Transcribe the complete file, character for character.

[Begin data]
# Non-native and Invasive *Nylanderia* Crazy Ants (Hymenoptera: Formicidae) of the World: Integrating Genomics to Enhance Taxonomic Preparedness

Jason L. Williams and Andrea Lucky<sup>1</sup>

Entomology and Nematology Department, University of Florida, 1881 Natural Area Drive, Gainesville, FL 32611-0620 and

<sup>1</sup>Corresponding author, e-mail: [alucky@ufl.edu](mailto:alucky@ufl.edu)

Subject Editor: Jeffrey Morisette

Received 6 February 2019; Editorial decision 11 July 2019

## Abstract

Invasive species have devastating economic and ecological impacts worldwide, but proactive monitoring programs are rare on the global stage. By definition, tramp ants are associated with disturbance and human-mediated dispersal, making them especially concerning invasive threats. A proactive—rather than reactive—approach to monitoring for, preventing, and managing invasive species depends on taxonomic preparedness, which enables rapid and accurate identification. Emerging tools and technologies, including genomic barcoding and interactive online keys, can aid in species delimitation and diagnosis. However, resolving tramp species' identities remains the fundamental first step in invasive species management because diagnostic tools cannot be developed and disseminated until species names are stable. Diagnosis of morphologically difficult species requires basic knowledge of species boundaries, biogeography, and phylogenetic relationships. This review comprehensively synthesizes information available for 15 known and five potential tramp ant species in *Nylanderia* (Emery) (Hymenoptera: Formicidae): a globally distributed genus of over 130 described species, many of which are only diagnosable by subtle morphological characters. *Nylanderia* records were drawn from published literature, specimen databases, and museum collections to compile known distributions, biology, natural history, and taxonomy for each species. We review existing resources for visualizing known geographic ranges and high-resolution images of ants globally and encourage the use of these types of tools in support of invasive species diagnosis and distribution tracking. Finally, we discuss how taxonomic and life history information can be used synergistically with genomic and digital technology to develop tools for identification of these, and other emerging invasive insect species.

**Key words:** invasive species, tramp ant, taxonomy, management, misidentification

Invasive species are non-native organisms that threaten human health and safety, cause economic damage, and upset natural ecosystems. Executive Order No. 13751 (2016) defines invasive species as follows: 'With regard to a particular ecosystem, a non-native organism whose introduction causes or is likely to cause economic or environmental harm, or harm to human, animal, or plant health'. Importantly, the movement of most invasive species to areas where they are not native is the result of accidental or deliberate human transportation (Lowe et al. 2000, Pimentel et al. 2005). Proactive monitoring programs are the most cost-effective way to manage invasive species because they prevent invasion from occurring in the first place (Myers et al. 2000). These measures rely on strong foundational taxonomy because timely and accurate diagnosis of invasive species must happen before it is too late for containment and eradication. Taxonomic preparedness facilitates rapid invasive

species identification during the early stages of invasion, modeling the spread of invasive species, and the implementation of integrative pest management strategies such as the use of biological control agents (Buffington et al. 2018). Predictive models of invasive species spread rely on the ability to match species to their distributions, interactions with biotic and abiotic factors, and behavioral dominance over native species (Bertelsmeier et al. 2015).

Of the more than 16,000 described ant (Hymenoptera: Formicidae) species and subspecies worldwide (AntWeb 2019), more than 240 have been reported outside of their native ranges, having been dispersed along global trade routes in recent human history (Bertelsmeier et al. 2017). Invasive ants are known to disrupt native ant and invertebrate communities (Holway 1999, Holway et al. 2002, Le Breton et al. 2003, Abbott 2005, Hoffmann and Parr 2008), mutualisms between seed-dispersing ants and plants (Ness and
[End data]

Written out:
# Non-native and Invasive *Nylanderia* Crazy Ants (Hymenoptera: Formicidae) of the World: Integrating Genomics to Enhance Taxonomic Preparedness

Jason L. Williams and Andrea Lucky<sup>1</sup>

Entomology and Nematology Department, University of Florida, 1881 Natural Area Drive, Gainesville, FL 32611-0620 and

<sup>1</sup>Corresponding author, e-mail: [alucky@ufl.edu](mailto:alucky@ufl.edu)

Subject Editor: Jeffrey Morisette

Received 6 February 2019; Editorial decision 11 July 2019

## Abstract

Invasive species have devastating economic and ecological impacts worldwide, but proactive monitoring programs are rare on the global stage. By definition, tramp ants are associated with disturbance and human-mediated dispersal, making them especially concerning invasive threats. A proactive—rather than reactive—approach to monitoring for, preventing, and managing invasive species depends on taxonomic preparedness, which enables rapid and accurate identification. Emerging tools and technologies, including genomic barcoding and interactive online keys, can aid in species delimitation and diagnosis. However, resolving tramp species' identities remains the fundamental first step in invasive species management because diagnostic tools cannot be developed and disseminated until species names are stable. Diagnosis of morphologically difficult species requires basic knowledge of species boundaries, biogeography, and phylogenetic relationships. This review comprehensively synthesizes information available for 15 known and five potential tramp ant species in *Nylanderia* (Emery) (Hymenoptera: Formicidae): a globally distributed genus of over 130 described species, many of which are only diagnosable by subtle morphological characters. *Nylanderia* records were drawn from published literature, specimen databases, and museum collections to compile known distributions, biology, natural history, and taxonomy for each species. We review existing resources for visualizing known geographic ranges and high-resolution images of ants globally and encourage the use of these types of tools in support of invasive species diagnosis and distribution tracking. Finally, we discuss how taxonomic and life history information can be used synergistically with genomic and digital technology to develop tools for identification of these, and other emerging invasive insect species.

**Key words:** invasive species, tramp ant, taxonomy, management, misidentification

Invasive species are non-native organisms that threaten human health and safety, cause economic damage, and upset natural ecosystems. Executive Order No. 13751 (2016) defines invasive species as follows: 'With regard to a particular ecosystem, a non-native organism whose introduction causes or is likely to cause economic or environmental harm, or harm to human, animal, or plant health'. Importantly, the movement of most invasive species to areas where they are not native is the result of accidental or deliberate human transportation (Lowe et al. 2000, Pimentel et al. 2005). Proactive monitoring programs are the most cost-effective way to manage invasive species because they prevent invasion from occurring in the first place (Myers et al. 2000). These measures rely on strong foundational taxonomy because timely and accurate diagnosis of invasive species must happen before it is too late for containment and eradication. Taxonomic preparedness facilitates rapid invasive

species identification during the early stages of invasion, modeling the spread of invasive species, and the implementation of integrative pest management strategies such as the use of biological control agents (Buffington et al. 2018). Predictive models of invasive species spread rely on the ability to match species to their distributions, interactions with biotic and abiotic factors, and behavioral dominance over native species (Bertelsmeier et al. 2015).

Of the more than 16,000 described ant (Hymenoptera: Formicidae) species and subspecies worldwide (AntWeb 2019), more than 240 have been reported outside of their native ranges, having been dispersed along global trade routes in recent human history (Bertelsmeier et al. 2017). Invasive ants are known to disrupt native ant and invertebrate communities (Holway 1999, Holway et al. 2002, Le Breton et al. 2003, Abbott 2005, Hoffmann and Parr 2008), mutualisms between seed-dispersing ants and plants (Ness and